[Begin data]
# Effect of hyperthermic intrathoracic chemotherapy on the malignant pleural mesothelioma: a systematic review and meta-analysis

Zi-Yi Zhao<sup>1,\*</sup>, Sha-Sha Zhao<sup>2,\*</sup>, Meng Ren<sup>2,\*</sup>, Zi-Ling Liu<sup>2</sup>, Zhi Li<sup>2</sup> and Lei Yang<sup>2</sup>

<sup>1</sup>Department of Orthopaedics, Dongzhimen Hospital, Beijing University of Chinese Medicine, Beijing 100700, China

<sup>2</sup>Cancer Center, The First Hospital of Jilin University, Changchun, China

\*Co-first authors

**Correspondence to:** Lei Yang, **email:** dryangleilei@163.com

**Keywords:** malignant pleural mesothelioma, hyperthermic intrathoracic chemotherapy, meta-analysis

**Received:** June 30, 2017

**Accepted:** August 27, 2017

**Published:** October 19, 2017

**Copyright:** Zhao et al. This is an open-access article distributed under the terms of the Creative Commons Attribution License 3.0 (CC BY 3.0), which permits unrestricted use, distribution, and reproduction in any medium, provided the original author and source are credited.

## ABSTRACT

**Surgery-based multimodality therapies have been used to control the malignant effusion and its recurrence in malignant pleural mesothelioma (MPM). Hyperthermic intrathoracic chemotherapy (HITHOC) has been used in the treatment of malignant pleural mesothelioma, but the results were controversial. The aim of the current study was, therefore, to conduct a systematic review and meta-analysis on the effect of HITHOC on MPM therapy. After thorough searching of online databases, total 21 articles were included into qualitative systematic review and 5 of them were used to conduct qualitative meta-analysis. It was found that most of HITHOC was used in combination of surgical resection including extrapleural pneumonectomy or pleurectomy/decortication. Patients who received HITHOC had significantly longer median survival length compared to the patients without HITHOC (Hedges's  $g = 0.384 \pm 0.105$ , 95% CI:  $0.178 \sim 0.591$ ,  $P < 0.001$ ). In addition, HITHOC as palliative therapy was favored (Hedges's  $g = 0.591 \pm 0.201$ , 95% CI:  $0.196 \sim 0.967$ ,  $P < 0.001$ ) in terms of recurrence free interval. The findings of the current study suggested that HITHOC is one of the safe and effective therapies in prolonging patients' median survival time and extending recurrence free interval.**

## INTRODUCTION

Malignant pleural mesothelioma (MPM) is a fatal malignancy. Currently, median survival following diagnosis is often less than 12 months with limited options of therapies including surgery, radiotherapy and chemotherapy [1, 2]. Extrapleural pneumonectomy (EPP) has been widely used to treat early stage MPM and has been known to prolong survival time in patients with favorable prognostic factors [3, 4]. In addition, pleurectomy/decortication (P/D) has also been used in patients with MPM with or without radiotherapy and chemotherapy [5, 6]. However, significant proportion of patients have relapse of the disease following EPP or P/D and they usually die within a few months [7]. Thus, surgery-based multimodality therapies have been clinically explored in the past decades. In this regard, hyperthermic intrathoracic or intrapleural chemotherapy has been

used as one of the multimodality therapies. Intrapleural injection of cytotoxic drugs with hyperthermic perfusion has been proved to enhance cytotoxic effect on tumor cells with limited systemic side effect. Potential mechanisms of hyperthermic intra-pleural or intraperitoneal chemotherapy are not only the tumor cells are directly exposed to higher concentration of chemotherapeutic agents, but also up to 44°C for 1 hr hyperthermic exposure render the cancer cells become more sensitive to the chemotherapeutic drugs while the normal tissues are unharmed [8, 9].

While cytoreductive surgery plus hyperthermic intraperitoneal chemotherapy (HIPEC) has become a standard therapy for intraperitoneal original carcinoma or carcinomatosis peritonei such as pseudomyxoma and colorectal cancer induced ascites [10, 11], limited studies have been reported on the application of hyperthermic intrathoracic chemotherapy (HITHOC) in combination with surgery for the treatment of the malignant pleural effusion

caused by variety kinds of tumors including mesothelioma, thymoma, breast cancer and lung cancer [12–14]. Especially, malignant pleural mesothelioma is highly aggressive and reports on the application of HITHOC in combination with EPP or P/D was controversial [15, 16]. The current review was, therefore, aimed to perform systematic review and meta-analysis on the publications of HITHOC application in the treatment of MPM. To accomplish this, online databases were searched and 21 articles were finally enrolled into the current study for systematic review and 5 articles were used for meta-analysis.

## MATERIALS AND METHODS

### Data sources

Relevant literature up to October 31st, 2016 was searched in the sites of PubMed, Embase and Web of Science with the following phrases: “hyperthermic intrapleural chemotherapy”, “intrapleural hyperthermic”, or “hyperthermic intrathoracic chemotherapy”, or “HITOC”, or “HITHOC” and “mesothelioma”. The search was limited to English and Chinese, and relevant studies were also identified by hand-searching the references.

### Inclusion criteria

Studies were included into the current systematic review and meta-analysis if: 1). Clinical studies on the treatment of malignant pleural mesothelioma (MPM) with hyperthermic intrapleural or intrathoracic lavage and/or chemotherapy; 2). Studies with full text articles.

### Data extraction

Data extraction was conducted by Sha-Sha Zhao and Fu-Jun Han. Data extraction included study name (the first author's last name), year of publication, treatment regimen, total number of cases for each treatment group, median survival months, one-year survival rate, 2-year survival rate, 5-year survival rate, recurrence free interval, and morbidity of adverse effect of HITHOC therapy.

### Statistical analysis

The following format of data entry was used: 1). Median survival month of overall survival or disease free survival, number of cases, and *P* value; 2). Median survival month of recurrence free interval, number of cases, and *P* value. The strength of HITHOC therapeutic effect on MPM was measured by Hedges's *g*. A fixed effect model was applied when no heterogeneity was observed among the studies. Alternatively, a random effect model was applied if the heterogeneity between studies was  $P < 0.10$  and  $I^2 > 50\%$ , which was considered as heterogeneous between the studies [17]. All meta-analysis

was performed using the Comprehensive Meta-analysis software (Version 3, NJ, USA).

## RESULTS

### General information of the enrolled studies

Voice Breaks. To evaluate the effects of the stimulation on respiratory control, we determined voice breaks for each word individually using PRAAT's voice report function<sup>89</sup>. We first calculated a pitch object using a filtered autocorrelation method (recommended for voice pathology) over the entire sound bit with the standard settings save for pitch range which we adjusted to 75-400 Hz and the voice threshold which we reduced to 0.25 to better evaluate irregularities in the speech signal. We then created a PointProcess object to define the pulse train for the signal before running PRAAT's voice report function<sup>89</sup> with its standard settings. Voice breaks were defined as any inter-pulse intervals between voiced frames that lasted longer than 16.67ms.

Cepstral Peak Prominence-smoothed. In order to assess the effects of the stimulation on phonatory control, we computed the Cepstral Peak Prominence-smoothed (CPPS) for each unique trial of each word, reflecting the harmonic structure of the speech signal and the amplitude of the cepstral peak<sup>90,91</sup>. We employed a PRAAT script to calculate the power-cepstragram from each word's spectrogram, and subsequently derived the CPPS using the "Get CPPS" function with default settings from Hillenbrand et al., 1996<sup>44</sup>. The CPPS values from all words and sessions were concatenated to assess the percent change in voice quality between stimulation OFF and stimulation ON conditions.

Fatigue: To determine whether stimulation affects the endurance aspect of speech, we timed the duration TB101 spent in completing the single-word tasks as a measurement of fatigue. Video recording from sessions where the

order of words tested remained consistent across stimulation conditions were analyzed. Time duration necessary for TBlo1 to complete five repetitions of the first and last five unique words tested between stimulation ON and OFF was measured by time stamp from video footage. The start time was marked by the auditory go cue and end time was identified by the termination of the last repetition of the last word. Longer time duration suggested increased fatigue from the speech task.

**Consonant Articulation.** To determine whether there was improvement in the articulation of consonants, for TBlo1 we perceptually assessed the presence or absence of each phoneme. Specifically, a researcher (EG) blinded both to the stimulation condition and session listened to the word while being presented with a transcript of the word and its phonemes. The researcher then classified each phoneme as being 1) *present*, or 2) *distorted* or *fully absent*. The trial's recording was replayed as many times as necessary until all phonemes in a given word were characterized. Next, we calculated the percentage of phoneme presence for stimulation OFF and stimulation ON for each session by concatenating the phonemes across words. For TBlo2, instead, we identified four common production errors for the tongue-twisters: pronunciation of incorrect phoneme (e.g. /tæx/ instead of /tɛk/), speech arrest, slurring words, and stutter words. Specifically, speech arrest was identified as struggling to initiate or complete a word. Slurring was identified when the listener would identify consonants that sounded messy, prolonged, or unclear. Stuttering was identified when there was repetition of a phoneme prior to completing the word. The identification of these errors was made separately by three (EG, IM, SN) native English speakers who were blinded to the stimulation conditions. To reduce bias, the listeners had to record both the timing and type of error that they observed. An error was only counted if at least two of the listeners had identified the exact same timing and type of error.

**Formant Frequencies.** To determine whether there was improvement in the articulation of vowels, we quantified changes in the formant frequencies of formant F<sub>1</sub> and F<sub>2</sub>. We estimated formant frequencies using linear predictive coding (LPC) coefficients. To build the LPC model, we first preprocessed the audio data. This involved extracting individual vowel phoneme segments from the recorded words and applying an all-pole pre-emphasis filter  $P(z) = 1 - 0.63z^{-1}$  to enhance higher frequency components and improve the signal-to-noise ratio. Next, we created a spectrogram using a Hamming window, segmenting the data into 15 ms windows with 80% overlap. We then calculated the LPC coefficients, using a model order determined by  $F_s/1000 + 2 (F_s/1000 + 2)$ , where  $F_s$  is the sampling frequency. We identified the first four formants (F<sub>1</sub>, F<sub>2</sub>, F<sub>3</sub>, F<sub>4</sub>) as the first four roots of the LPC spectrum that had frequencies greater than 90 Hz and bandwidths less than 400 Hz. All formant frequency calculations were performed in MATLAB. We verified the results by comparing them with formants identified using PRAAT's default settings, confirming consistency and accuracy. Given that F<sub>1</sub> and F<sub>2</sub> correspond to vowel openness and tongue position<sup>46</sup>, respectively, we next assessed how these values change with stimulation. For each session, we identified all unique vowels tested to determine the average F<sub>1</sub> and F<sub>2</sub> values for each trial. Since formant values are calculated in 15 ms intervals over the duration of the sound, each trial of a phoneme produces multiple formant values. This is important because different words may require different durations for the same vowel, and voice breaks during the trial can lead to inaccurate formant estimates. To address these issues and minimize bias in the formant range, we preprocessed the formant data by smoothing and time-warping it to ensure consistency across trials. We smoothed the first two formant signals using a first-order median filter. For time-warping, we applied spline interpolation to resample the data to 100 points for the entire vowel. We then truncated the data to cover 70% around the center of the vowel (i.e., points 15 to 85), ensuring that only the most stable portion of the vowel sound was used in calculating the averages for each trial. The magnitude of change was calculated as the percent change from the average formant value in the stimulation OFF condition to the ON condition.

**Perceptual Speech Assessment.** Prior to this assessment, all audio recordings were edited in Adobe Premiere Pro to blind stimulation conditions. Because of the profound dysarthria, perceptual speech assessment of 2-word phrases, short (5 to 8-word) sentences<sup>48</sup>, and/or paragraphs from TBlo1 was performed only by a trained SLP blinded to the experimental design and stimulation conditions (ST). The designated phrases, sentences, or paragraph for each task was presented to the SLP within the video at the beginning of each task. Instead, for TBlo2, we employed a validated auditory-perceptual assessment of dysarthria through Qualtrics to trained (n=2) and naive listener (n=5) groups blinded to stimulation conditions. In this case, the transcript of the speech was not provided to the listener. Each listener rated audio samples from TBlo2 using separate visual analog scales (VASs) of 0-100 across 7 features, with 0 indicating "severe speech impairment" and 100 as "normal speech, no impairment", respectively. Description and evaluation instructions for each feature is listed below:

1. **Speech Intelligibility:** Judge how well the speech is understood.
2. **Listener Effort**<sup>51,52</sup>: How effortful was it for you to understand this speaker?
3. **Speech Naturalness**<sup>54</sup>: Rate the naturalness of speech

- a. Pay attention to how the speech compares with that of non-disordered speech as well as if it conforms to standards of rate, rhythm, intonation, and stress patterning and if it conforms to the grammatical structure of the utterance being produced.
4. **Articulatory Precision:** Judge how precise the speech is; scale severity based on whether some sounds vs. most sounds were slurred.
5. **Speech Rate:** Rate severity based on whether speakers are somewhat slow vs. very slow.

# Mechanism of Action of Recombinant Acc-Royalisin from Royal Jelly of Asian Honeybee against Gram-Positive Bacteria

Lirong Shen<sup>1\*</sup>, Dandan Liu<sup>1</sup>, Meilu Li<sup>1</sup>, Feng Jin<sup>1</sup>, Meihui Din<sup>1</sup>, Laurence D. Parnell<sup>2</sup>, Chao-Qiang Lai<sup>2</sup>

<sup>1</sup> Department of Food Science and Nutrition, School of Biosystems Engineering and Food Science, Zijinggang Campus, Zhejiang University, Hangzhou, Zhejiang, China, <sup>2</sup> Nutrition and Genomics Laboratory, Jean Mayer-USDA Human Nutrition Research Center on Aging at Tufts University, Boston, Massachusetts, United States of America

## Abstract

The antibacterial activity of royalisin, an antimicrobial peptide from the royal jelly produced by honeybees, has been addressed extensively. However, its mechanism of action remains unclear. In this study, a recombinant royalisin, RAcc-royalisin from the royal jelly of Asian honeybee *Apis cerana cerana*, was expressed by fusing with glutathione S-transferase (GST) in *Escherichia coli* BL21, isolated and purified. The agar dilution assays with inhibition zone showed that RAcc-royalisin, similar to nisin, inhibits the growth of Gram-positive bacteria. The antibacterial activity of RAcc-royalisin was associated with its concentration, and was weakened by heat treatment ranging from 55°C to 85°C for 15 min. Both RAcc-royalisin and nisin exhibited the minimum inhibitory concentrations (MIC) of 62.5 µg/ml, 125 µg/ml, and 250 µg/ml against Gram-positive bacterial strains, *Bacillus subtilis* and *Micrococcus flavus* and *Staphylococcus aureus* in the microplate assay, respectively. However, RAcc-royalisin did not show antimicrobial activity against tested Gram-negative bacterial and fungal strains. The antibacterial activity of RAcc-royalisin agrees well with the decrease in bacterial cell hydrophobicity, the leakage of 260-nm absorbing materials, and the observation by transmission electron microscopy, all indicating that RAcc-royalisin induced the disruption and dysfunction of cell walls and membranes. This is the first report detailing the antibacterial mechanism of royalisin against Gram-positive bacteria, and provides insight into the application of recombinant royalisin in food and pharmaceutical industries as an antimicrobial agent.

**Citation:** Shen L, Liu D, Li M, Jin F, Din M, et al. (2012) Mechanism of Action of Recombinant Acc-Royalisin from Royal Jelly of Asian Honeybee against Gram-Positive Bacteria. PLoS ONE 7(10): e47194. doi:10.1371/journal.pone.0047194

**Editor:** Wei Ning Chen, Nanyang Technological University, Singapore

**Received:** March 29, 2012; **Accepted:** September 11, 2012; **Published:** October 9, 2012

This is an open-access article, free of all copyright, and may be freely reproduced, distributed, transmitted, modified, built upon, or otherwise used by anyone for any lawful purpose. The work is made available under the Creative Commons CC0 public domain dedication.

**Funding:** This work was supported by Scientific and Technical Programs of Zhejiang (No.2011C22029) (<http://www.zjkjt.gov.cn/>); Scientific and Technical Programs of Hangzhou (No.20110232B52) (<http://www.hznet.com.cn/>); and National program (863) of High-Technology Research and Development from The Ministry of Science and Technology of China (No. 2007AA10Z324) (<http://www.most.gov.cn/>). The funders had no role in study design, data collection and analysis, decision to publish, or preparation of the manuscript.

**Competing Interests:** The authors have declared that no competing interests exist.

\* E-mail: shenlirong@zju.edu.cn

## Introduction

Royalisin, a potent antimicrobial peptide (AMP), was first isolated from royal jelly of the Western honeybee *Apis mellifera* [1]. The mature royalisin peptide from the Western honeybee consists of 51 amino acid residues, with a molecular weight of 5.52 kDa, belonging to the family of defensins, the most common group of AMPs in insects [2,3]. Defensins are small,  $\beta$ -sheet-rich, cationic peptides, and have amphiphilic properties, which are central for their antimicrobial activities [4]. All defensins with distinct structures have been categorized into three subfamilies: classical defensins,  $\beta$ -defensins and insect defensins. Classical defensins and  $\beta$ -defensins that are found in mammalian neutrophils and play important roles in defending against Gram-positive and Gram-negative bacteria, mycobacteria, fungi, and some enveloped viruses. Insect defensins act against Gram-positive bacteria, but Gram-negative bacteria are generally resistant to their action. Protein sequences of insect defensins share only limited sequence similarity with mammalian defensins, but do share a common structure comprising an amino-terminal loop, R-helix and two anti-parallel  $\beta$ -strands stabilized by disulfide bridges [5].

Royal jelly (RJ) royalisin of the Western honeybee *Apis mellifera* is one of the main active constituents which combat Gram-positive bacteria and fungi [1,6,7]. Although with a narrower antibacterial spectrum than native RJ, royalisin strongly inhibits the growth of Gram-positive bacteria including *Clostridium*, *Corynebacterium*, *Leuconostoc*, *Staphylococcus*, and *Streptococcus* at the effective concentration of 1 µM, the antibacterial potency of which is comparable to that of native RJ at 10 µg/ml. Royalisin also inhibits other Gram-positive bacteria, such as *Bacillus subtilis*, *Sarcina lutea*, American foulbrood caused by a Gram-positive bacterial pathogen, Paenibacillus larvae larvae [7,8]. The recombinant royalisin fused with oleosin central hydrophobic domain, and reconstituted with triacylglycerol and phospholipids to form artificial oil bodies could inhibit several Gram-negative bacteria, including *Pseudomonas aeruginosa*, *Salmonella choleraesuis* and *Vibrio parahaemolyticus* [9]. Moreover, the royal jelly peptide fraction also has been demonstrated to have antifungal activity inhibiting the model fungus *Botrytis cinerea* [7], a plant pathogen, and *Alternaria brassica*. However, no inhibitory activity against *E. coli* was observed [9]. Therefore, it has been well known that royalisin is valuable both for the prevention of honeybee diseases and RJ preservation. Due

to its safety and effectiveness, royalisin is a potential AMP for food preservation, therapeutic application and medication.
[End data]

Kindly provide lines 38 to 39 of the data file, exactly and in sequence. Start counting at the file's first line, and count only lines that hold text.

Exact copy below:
1. **Speech Intelligibility:** Judge how well the speech is understood.
2. **Listener Effort**<sup>51,52</sup>: How effortful was it for you to understand this speaker?